1746. Robert Southey to Thomas Southey, 11 February 1810 

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The Collected Letters of Robert Southey Part 4: 1810-1815

1746. Robert Southey to Thomas Southey, 11 February 1810 ⁠* 

Feby. 11. 1810.

My dear Tom

Your Balliol story [1]  differs from most lies in this respect, that it has not the slightest foundation in truth. It not only is not true, but could not by possibility be so, – the American plan [2]  not having been formed till after I left Oxford, – so that it was communicated to Robert Allen poor fellow, by letter from Bristol. They must be much at a loss for recollections of me, to invent so clumsy a story tale. As for beating people it has never been my habit on any occasion. The only approximation to a quarrel which I ever had at Oxford is I dare say remembered at Balliol by one of the present fellows, Cooke Rogers, [3]  the only person who witnessed it. There was one Freke [4]  who from not understanding a metaphysical conversation which he heard me carry on with somebody else, reported it about that I {talked blasphemy, &} avowd myself an Atheist. – Rogers who had a great regard for me came to tell me this, his Welsh blood boiling with indignation, & luckily we met Freke almost directly. After a lecture which xxxx my Gentleman most probably will remember as long as he lives upon the fitness of understanding {another persons} opinions, before he ventured to represent them. I concluded by first requiring him to go & contradict what he had said, & then Sir, said I, I have to desire that in future you will not blaspheme opinions me by mentioning my name at all. – You never saw a black looking fellows face bleached more effectually.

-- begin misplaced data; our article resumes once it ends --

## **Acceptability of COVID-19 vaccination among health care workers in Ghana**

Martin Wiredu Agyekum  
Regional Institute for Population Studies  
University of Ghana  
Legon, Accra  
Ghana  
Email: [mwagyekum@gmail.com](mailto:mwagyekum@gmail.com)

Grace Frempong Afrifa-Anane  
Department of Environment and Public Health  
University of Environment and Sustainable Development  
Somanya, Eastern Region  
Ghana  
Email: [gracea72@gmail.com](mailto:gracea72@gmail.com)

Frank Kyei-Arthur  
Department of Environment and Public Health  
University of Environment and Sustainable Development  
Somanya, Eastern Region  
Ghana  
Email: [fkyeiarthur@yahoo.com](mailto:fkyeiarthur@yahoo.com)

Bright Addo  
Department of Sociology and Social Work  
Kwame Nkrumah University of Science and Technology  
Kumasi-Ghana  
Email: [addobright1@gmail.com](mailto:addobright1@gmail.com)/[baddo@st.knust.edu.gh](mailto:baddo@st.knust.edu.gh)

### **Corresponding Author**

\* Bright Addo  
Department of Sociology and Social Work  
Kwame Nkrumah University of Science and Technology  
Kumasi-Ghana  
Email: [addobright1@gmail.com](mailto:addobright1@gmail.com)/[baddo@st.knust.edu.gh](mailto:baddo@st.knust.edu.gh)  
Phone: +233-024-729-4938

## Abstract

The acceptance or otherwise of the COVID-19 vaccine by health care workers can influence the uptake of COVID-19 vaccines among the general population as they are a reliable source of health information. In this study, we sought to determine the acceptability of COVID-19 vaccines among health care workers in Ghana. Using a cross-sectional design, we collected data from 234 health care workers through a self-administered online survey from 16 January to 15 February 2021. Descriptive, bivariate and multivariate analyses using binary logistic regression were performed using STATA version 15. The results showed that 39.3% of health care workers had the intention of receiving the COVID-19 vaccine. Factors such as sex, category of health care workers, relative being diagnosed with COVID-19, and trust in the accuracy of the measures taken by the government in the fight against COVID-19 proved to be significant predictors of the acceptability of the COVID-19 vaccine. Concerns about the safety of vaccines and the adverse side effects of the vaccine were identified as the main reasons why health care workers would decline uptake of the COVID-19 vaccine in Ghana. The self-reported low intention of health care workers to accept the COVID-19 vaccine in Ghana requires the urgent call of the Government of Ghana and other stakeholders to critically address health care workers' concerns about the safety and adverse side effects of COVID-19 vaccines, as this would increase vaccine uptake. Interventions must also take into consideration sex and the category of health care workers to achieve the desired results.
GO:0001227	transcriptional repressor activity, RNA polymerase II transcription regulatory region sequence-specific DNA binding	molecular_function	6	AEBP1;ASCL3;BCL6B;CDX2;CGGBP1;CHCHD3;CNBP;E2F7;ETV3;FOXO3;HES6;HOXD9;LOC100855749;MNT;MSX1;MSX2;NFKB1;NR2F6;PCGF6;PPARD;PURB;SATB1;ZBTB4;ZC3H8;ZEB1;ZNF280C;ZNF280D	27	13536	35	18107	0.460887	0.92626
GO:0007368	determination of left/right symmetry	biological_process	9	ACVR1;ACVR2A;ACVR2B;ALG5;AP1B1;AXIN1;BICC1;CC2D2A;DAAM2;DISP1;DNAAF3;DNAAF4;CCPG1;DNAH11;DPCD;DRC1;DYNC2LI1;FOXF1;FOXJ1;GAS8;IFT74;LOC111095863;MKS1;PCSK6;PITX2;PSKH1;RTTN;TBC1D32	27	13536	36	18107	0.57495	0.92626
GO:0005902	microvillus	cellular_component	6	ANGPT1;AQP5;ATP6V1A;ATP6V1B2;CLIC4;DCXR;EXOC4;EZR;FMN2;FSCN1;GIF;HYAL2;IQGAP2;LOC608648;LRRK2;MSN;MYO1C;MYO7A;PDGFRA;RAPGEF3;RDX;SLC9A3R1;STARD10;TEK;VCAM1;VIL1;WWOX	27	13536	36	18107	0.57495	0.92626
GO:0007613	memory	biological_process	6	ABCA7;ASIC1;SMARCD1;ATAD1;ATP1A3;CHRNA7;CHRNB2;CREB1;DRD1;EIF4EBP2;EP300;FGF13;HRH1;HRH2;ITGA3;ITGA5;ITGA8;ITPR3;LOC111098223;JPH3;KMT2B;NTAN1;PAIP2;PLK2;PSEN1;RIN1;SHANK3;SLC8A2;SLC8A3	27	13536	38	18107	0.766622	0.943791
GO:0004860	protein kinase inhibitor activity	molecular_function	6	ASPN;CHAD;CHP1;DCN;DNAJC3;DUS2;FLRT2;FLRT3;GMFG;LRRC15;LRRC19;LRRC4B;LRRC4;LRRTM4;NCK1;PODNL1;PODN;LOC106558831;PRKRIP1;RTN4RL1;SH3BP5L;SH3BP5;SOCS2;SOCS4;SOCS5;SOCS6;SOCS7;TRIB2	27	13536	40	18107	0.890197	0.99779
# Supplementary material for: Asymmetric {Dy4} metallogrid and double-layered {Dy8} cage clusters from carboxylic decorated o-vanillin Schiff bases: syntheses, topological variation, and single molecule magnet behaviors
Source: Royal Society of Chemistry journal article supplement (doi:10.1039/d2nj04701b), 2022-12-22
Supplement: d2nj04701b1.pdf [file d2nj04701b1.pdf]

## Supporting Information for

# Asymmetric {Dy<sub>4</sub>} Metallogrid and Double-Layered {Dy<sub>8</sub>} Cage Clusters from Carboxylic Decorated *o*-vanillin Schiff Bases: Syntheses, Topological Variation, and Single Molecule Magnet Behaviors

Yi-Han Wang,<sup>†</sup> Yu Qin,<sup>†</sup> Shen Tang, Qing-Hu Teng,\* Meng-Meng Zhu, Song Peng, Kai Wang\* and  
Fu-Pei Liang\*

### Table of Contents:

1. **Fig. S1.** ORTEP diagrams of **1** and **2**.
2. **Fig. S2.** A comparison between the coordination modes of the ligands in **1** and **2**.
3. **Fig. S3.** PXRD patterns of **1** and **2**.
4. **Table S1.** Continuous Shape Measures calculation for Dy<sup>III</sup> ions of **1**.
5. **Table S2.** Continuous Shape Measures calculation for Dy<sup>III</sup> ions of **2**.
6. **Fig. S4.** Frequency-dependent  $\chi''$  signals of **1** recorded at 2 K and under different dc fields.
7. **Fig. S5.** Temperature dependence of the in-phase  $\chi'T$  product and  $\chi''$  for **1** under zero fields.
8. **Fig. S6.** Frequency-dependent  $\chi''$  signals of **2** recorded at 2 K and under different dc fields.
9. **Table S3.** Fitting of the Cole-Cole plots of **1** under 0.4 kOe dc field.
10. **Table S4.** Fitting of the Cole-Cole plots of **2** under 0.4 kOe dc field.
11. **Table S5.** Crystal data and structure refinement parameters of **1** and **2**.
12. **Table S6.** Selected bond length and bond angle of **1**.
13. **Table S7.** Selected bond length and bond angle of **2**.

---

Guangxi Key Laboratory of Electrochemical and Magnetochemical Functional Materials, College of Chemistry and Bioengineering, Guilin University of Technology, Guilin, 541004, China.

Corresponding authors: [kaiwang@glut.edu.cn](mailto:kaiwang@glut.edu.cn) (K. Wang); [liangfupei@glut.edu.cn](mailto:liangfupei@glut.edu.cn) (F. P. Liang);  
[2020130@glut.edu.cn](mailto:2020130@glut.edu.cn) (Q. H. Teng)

Coleridge will doubtless offend the Unitarians. – for it is upon that point that his opinions, or more accurately speaking, his professions are altered. As for his political notions, the main difference is not in the end & aim of them, but in the way of coming to those conclusions. In the conclusions themselves he will be found to differ very little from Wordsworth & myself, – both of us, as you know, tolerably plain-spoken men upon such matters. That C. writes worse than he did ten years ago is certain. he rambles now as much in his writings as in his conversation, – beginning at Dan & wandering on to Beersheba. [5]  Still there are in those numbers of the Friend [6]  some passages of first rate excellence, & the principles of morality are placed in them upon their only firm foundation. There his philosophy is firm as a rock, all other systems of ethics are built upon sand.

You write from Taunton & yet make no mention of Aunt Mary. I wrote to her about two months ago, having learnt where she was by a chance letter from Standert. [7] 

We shall not paint the boat till you come, – a reason why you should come soon. I look already with great satisfaction at the parchmentarians that have lain so long in humble expectation of your glorifying hand.